divestment

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Divestiture

The removal of assets from a person or firm's balance sheet through sale, exchange, closure, bankruptcy, or some other means. Divestiture may occur when a person or company has acquired more than he/she/it can properly administer. This sort of divestiture may occur slowly; for example, a corporation may slowly sell subsidiaries to concentrate exclusively on its core competence. On the other hand, divestiture may occur because a person or company has become cash poor and needs to build liquidity very quickly.

divestment

the closure or sale by a firm of one or more of its operating units (for example a production plant) or a whole business division. In the former case, divestment usually occurs in order to rationalize production and/or to concentrate the firm's output in a more modern plant. In contrast, the divestment of a whole business division represents a more fundamental strategic decision on the part of the firm. Divestment in this case may reflect a number of considerations, including a desire to pull out of an unprofitable, loss-making activity deemed to be incapable of TURNROUND; the wish to shed peripheral businesses in order to release cash and managerial resources which, in opportunity cost terms, could be more effectively, redeployed in the firm's other activities; a major rethink of a firm's strategic position involving a retrenchment back to ‘core’ businesses; and finally, a wish to avoid the opposition of the COMPETITION POLICY authorities, particularly in cases of MERGERS and TAKEOVER.

Divestment by one firm often presents an opportunity for some other firm to diversify (see DIVERSIFICATION), in turn, into new business areas, or for former competitors to increase their market shares. See ENDGAME STRATEGY, BUSINESS STRATEGY, BOSTON MATRIX, DEMERGER, MANAGEMENT BUYOUT, JOINT VENTURE, PRODUCT MARKET MATRIX, PRODUCT RATIONALIZATION, CORE BUSINESS.

divestment

the closure or sale by a firm of one or more of its operating units (e.g, a production plant) or a whole business division. In the former case, divestment usually occurs in order to rationalize production and/or to concentrate the firm's output in a more modern plant. In contrast, the divestment of a whole business division represents a more fundamental strategic decision on the part of the firm. Divestment in this case may reflect a number of considerations, including a desire to pull out of an unprofitable, loss-making activity; the divestment of ‘peripheral'businesses in order to release cash and managerial resources that, in opportunity cost terms, could be more effectively redeployed in the firm's other activities; divestment may reflect a major rethink of a firm's strategic positioning, involving a retrenchment back to ‘core’ businesses. Finally, divestment may be required so as to avoid the opposition of the COMPETITION POLICY authorities, particularly in cases of merger and takeover.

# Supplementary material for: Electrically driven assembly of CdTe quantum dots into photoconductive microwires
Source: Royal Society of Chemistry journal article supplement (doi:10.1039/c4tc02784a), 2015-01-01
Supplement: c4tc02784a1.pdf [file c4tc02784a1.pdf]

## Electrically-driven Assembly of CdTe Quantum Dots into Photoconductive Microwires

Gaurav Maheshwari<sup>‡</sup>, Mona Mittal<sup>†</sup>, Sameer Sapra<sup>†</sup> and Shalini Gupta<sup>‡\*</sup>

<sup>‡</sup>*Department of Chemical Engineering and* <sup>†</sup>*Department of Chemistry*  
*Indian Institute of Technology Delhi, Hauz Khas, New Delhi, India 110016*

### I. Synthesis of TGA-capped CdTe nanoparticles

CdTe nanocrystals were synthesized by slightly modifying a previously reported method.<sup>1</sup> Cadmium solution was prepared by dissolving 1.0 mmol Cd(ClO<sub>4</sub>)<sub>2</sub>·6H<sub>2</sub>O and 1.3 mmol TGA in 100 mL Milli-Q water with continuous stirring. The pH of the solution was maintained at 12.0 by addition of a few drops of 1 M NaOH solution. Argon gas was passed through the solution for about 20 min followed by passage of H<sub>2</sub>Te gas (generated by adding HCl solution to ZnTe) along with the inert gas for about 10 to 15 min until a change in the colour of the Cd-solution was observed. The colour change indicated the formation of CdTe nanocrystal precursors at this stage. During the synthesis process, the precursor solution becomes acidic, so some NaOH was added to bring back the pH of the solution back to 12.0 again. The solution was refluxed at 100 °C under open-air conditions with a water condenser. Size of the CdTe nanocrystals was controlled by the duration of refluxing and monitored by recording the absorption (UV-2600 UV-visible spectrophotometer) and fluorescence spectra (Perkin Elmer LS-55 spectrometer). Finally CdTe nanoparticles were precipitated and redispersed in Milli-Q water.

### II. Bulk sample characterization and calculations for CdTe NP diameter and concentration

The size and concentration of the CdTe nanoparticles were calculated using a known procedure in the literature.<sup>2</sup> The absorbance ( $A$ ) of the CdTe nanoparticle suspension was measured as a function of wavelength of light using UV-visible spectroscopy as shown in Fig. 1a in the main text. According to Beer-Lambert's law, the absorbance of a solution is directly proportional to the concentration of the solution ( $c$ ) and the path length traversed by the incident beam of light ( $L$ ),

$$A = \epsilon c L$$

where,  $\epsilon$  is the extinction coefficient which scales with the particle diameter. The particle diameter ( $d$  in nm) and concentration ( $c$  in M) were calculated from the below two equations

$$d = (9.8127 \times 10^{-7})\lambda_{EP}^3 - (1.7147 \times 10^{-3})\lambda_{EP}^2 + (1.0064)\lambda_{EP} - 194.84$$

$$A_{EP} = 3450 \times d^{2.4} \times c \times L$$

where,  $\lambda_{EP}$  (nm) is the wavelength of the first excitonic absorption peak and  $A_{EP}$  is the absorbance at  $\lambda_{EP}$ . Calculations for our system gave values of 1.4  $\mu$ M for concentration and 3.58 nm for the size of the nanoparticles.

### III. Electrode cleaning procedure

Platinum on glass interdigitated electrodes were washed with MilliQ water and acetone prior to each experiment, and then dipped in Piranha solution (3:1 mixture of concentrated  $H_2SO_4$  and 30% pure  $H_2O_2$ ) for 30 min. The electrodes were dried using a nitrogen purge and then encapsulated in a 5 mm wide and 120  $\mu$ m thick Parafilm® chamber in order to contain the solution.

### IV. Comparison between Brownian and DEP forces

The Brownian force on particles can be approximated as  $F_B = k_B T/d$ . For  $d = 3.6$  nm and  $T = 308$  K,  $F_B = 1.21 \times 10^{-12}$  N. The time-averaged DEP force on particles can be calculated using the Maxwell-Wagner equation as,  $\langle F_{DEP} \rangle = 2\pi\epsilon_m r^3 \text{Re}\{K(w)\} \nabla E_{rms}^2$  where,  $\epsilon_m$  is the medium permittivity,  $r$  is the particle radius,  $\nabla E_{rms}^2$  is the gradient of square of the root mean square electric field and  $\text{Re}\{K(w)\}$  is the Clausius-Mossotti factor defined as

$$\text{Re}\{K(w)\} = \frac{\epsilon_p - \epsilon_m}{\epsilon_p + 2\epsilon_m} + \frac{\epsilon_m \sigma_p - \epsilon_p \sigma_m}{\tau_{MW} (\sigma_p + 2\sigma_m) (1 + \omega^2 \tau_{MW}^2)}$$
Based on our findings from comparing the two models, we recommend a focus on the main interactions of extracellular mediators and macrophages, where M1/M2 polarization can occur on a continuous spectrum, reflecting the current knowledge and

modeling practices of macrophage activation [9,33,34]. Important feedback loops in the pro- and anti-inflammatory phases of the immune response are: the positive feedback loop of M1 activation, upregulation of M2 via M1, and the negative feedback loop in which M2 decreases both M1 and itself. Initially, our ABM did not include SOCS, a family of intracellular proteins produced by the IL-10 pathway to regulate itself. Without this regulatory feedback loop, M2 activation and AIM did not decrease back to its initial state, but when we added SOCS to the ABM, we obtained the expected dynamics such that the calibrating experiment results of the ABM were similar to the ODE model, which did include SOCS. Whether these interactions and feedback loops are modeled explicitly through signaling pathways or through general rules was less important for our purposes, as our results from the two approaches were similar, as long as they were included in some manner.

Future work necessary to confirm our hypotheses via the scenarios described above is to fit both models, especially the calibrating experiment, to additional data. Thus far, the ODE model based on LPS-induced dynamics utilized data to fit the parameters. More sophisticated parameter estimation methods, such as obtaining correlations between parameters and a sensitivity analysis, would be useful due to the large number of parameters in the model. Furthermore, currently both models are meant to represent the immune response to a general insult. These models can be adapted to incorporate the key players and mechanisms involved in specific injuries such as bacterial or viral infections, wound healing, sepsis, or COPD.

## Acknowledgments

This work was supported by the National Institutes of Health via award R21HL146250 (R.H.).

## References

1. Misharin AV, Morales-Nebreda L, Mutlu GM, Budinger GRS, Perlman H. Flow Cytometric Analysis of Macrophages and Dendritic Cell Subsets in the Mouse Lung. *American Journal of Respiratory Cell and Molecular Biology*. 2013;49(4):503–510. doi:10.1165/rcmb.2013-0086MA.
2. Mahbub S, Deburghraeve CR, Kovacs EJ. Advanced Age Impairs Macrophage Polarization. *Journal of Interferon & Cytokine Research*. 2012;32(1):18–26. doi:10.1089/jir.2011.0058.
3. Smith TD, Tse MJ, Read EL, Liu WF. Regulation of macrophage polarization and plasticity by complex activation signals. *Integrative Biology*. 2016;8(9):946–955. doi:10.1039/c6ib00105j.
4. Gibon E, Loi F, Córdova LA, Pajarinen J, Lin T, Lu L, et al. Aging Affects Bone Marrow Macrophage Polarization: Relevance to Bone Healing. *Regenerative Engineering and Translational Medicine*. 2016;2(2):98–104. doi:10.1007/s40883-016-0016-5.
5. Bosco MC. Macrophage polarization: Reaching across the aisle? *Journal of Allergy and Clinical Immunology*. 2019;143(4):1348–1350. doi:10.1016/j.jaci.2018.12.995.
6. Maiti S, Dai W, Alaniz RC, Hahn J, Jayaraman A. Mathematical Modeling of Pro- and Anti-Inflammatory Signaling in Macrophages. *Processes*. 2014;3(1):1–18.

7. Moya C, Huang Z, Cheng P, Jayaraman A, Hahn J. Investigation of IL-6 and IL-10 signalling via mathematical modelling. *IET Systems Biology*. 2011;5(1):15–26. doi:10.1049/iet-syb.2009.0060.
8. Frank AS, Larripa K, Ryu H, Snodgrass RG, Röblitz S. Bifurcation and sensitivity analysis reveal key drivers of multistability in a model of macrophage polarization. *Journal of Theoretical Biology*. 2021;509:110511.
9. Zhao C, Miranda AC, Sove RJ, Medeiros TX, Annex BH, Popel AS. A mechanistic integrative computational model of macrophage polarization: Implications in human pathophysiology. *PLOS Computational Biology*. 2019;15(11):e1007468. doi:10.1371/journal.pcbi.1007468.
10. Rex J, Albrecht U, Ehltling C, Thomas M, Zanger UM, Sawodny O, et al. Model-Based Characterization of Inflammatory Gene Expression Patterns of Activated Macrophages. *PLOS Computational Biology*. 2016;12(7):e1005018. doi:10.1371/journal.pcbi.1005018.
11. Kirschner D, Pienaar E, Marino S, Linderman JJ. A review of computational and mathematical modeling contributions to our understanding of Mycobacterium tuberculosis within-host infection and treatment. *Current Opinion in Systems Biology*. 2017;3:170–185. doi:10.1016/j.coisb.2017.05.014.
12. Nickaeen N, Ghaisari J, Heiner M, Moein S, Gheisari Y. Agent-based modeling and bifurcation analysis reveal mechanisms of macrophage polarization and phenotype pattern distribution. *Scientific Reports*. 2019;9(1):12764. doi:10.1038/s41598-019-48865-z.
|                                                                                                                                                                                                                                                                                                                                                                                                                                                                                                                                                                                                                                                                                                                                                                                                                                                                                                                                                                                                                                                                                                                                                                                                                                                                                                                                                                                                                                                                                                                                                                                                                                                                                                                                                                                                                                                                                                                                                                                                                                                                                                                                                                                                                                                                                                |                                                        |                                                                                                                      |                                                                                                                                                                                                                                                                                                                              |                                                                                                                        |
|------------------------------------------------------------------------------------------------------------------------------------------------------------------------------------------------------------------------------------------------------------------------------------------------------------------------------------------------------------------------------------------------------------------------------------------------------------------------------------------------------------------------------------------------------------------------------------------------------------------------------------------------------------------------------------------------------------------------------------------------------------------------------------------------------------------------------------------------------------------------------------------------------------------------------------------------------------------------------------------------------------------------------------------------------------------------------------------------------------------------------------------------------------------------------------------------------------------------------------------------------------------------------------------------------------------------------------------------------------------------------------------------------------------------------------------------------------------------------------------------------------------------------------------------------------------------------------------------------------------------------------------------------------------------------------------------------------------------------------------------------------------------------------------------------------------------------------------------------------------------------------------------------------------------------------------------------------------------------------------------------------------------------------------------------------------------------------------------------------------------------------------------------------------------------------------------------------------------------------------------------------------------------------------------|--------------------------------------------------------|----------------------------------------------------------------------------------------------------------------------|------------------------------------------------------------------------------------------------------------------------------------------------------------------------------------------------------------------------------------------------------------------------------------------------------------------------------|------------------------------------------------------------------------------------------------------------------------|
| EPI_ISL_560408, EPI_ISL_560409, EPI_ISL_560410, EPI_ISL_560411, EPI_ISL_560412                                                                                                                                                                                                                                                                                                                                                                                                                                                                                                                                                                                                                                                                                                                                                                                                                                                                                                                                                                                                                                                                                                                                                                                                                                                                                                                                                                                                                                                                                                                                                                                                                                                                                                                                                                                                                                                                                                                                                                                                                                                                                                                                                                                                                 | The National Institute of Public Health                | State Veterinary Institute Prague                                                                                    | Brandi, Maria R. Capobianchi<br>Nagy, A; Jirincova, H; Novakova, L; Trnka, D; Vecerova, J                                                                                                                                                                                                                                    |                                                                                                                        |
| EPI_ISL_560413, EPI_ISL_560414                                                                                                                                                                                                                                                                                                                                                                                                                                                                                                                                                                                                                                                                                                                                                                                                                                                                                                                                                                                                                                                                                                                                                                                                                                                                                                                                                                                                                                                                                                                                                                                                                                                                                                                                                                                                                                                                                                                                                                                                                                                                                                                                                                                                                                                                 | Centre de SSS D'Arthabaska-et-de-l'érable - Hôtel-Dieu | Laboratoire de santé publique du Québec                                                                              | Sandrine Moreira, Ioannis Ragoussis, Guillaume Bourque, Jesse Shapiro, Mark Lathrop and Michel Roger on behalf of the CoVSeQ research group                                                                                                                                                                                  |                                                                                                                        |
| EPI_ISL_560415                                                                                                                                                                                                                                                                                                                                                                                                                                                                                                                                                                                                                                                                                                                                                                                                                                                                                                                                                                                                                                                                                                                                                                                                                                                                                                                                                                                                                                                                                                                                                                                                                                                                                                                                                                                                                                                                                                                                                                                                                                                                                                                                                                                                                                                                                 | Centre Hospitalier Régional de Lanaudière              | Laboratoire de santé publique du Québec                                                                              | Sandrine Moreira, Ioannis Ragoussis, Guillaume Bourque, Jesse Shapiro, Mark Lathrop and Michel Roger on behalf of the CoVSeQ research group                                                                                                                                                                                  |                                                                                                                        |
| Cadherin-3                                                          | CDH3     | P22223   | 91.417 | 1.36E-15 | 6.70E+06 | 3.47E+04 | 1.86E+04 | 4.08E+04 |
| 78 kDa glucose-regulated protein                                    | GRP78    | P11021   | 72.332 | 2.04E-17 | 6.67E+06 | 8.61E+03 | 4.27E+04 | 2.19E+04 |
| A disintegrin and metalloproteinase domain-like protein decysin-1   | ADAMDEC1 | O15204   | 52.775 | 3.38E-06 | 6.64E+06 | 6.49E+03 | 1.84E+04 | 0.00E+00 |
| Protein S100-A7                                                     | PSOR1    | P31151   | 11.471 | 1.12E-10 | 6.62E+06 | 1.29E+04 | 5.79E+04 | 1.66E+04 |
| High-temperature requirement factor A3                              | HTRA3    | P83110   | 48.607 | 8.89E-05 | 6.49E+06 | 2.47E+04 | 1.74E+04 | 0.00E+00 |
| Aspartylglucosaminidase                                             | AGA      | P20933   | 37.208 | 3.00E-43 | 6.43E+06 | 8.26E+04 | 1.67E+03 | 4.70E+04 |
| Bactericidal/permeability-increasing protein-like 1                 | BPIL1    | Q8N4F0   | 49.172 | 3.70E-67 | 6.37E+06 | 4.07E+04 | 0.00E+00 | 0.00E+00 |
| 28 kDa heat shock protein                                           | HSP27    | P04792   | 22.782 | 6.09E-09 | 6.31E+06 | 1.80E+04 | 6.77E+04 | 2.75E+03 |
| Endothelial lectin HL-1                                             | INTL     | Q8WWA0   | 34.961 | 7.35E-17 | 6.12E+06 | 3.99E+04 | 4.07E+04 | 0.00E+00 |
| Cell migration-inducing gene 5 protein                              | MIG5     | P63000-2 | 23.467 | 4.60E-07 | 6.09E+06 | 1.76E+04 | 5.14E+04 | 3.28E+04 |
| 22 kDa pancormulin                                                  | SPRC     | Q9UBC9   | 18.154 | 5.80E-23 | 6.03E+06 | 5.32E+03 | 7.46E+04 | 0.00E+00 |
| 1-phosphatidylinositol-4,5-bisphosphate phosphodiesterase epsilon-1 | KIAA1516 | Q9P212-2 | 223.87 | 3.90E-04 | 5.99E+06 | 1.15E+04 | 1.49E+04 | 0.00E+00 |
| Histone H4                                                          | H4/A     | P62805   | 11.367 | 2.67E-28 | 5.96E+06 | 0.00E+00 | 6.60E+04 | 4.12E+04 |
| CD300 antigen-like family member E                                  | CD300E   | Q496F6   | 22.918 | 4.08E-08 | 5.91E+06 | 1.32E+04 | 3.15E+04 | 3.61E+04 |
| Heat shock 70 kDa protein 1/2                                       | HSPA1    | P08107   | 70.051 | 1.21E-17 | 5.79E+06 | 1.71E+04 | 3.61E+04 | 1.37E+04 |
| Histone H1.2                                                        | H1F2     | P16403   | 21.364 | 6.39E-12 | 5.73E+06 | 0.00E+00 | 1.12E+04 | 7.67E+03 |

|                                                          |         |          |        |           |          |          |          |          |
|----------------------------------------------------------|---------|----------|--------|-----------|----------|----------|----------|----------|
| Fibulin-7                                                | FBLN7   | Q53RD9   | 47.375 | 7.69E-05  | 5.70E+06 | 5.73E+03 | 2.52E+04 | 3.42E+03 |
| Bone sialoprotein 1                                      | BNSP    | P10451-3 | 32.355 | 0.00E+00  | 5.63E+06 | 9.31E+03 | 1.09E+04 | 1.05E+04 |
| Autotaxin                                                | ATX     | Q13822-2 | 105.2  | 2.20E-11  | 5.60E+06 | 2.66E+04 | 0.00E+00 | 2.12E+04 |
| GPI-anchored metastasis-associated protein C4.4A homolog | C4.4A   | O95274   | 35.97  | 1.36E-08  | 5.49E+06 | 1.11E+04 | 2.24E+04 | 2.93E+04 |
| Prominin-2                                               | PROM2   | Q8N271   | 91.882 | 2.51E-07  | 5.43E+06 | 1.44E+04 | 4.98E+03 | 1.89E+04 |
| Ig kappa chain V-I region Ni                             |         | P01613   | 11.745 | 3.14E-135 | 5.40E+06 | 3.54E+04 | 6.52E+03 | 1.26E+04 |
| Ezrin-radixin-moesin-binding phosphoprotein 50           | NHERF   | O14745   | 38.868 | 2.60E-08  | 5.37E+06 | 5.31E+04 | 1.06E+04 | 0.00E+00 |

Divestment by one firm, in turn, often presents an opportunity for some other firm to diversify (see DIVERSIFICATION) into new business areas or for former competitors to increase their market shares. See RATIONALIZATION, BOSTON MATRIX, DEMERGER, MANAGEMENT BUYOUT.

References in periodicals archive ?
TI-CREF to divest from companies such as Veolia, Caterpillar, and Northrup
To reduce the potential for adverse competitive effects in this banking market, BB&T has committed to divest two branches in the market, with deposits totaling $90.
We call on all investment firms to divest from Lebanese bonds, and stop exposing their shareholders to such fraud and risk.
M2 EQUITYBITES-August 10, 2015-NetScientific Divests Non-Core Assets
The accounting firm said that banks could divest about EUR100bn in non-core loans this year.
On April 21st, 2009 we wrote the government of Norway calling for them to divest from Africa Israel because it is one company that built the settlement of Mattityahu East on Bil'in's land, and they responded that they were investigating.
Adam Schiff, D-Pasadena, to have the United States also divest itself of investments with firms doing business in the Sudan as well as adopt legislation formally recognizing the killings of 1.
TELECOMWORLDWIRE-17 December 2004-TDC A/S subsidiary divests services provider in Germany(C)1994-2004 M2 COMMUNICATIONS LTD http://www.
To mitigate the potential anticompetitive effects of the proposal in the Milledgeville banking market, BB&T has committed to divest one branch that currently controls approximately $19.
In fact, according to the EU competition authority, the most significant stipulation - that Mobil divest its share of a European refining and marketing joint venture with BP Amoco - appeared to be in line with the companies' plans to unload their lowest-yielding assets.
To mitigate the potential anticompetitive effects of the proposal in the eight banking markets in Vermont, Chittenden has committed to divest 18 branches that control a total of $497 million in deposits.